The muralsA mural is a painting or decoration on a wall or ceiling. in the Vestibule (entry hall) were part of the original plan of the Capitol, but they weren't painted until 1963. The artist, James Penney, painted with broad strokes and tried to make a connection between the murals here in the vestibule and the decorations on the outside of the Capitol. If you’re on the outside walking in the North door, you see a relief sculpture of a pioneer family with a Conestoga wagon and oxen making the journey to Nebraska.
James Penney's murals take up the story when you get inside. You see "The Homesteader's Campfire" when the family arrives. Then you see "The First Furrow" as the family breaks the prairie sod for the first time. Then you see "The House Raising"—neighbors working together to put the beams in place for a sod home. (Reset image)
The early Nebraska settlers lived near rivers and built log cabins using the trees they found there. Some used cottonwood, even though it warped when dried. There were many log cabins in the eastern part of the state.
But more settlers came and moved further west. Trees were in short supply, so these homesteaders built homes of sodIn this case, sod refers to a piece of thick earth cut and lifted from a grassy area held together by the roots of the grass still growing on it. The pioneers used these pieces like bricks to build their homes.. They called it "Nebraska marble." Sod house walls were very thick, providing insulationProtection from cold or heat provided by materials in the walls. from winter cold and summer heat and even safety from prairie fires. But the homes tended to be small and dark, with an unwelcome population of vermin (including snakes and mice). The walls sometimes sagged and the roof sometimes leaked.
Homesteaders built the sod homes as temporary quarters until they could build frame housesA frame house is a house built on a wooden skeletal structure and covered on the outside by wooden shingles, boards, and so on.. But some chose to add manufactured doors and windows and live in their "soddies" permanently. Others built frame homes but kept their sod buildings standing as barns or storage sheds. (A few are still standing today. And in some areas, homebuilders are experimenting with strawStems or stalks of grain. baleA bundle of straw bound together. construction similar to sod houses.)
For many farmers, the wooden frame house was a symbol of success, made possible by the arrival of the railroad. The trains brought in supplies for lumberyards and building.
Initially, pioneer farmers had to work hard just to survive. They relied on what they could grow in their gardens and fields to feed themselves. They canned their own fruits and vegetables. They made their own soap. They knitted their own stockings. They even gathered cow chipsDried cow droppings/manure, sometimes called "prairie coal". to burn as fuel.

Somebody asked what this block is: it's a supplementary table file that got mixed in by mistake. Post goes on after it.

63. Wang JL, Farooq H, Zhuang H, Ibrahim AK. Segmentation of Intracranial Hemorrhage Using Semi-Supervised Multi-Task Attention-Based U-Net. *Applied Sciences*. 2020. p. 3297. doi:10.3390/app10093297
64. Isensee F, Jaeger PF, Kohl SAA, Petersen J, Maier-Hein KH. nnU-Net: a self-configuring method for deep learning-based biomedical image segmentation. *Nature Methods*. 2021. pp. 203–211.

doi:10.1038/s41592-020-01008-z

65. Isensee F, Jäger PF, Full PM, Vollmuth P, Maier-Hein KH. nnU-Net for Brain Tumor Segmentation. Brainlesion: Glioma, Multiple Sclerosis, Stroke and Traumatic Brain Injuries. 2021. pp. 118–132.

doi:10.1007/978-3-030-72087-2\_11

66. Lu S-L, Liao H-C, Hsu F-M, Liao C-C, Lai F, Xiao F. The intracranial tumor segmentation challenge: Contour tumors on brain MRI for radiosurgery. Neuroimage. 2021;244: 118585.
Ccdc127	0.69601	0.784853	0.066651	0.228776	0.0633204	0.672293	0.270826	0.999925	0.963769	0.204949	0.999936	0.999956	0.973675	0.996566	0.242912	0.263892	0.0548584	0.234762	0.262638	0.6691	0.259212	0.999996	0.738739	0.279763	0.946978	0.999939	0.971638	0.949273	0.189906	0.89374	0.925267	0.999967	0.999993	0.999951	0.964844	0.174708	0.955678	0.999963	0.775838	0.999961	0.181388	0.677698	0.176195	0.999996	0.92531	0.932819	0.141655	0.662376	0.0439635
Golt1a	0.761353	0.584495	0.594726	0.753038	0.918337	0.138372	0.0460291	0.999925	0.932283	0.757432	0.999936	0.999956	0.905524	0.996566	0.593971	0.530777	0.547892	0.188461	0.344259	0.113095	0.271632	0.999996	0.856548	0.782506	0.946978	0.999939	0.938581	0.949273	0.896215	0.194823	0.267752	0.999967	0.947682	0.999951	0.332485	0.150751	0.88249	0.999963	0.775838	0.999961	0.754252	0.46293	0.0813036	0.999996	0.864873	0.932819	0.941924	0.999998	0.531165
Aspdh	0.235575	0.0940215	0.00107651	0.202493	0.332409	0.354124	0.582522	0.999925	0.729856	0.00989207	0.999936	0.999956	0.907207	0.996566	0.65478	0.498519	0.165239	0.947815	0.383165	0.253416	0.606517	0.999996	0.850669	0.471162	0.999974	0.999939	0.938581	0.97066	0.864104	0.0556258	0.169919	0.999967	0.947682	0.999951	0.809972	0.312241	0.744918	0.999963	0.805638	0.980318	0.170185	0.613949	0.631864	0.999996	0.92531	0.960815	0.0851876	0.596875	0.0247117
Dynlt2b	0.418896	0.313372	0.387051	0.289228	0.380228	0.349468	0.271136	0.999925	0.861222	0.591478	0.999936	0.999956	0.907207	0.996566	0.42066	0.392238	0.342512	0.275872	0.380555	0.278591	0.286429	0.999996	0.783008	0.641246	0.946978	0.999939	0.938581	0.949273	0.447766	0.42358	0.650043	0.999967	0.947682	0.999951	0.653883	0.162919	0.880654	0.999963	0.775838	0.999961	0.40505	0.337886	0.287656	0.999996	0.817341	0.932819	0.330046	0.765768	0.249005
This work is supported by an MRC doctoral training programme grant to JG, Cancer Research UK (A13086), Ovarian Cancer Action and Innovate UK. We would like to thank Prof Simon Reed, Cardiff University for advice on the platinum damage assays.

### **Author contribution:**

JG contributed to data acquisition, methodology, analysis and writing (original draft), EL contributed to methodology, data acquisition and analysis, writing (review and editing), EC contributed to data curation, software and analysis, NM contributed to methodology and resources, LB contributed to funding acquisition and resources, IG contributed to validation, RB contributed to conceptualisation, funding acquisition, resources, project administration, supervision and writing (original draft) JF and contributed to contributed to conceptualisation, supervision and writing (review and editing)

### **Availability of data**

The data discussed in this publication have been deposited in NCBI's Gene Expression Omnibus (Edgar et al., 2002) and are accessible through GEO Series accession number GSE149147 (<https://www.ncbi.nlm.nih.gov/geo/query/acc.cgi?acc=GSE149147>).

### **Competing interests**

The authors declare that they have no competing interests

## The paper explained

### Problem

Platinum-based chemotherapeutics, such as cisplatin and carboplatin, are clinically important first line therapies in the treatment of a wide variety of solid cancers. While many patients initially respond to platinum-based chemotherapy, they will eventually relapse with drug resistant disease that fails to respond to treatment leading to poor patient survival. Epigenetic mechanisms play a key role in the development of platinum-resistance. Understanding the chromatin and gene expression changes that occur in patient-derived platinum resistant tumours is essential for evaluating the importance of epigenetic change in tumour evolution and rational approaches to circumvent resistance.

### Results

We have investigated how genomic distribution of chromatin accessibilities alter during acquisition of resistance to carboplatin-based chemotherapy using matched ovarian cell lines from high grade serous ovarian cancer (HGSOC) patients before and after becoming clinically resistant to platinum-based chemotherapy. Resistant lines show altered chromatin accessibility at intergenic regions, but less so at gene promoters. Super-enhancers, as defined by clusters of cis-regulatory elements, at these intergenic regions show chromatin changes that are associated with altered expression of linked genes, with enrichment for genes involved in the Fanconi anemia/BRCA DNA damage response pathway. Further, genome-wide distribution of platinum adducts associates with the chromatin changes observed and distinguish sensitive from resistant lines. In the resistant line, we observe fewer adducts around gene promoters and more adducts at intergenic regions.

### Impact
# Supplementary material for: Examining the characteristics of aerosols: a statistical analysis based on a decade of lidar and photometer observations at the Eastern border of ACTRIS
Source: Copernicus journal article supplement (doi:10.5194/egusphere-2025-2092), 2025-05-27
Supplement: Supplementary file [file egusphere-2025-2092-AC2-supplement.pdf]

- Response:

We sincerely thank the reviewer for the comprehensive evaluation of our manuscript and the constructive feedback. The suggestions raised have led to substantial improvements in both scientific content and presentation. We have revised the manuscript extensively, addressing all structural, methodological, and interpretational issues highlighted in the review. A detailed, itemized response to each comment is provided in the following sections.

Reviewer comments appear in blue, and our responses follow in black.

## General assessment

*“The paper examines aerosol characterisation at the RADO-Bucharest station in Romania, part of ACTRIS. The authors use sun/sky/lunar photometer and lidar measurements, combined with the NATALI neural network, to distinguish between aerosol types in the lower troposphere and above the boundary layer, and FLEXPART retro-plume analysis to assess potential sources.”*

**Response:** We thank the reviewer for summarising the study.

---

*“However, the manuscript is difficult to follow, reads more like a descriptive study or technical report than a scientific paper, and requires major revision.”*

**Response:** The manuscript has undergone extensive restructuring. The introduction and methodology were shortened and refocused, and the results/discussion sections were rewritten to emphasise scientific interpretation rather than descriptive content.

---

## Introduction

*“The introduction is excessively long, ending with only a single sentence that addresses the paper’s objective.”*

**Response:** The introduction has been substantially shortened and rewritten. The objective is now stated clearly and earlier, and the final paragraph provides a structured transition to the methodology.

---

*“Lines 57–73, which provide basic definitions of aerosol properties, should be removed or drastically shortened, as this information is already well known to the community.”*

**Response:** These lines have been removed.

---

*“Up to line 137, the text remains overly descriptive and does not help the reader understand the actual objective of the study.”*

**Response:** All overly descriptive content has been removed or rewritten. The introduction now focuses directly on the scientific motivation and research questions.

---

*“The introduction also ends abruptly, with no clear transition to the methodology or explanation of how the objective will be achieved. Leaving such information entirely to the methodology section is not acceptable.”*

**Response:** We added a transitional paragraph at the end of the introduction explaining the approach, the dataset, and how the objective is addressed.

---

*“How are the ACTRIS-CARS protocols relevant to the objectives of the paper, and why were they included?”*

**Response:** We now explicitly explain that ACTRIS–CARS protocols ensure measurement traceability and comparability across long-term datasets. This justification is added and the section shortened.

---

Do you know what all of these chores are? (Look up the ones you don’t know.)
Do you or anyone else have to do any of these jobs in your home?
But changes in technology brought changes in rural life. The railroads carried the farmers' products to markets beyond Nebraska. Farmers could expand from growing just enough to feed themselves into farming operations growing enough to feed others across the country.
Farmers could profit from growing a diversityVariety, many kinds. of crops. As transportation and storage improved, farmers could ship products to markets beyond the United States.
In the 1920's, gasoline-powered automobiles, trucks, and tractors further changed life for Nebraska farmers. The oxen and the horse were replaced in the fields and on the roads. The farmers' ability to produce and transport increased.
Communications also improved, as telephone lines laced the landscape together. Technology continued to affect rural life, as farmers gained electric power and running water. The impact continued into the second half of the twentieth century, as fewer farmers were able to produce more food and products.
By the year 2000, farm equipment had grown increasingly sophisticated and farmers were seeking alternative crops and livestock to keep farming profitable.
For example, some were raising bison. Others were raising special types of corn such as popcorn. Some farmers were even raising crops such as Christmas trees.
Moving these diverse products across state lines (and international borders) to take advantage of markets takes more than technology. It also takes laws, to make sure that goods are sold at fair prices, taxed fairly, and transported safely. Nebraska's government represents the state's agricultural industry in agreements on interstate commerceSelling and buying things across state lines..
SOMETHING TO THINK ABOUT . . .
Would you rather be a farmer in the 1880's or a farmer today?
Give at least three reasons for your choice.
Nebraska Curriculum Standards:
A Harmony of the Arts, edited by Frederick C. Luebke, essay by Norman Geske and Jon Nelson; also essay by Joan Woodside and Betsy Gabb
Nebraska: An Illustrated History, by Frederick C. Luebke
1998-99 Nebraska Blue Book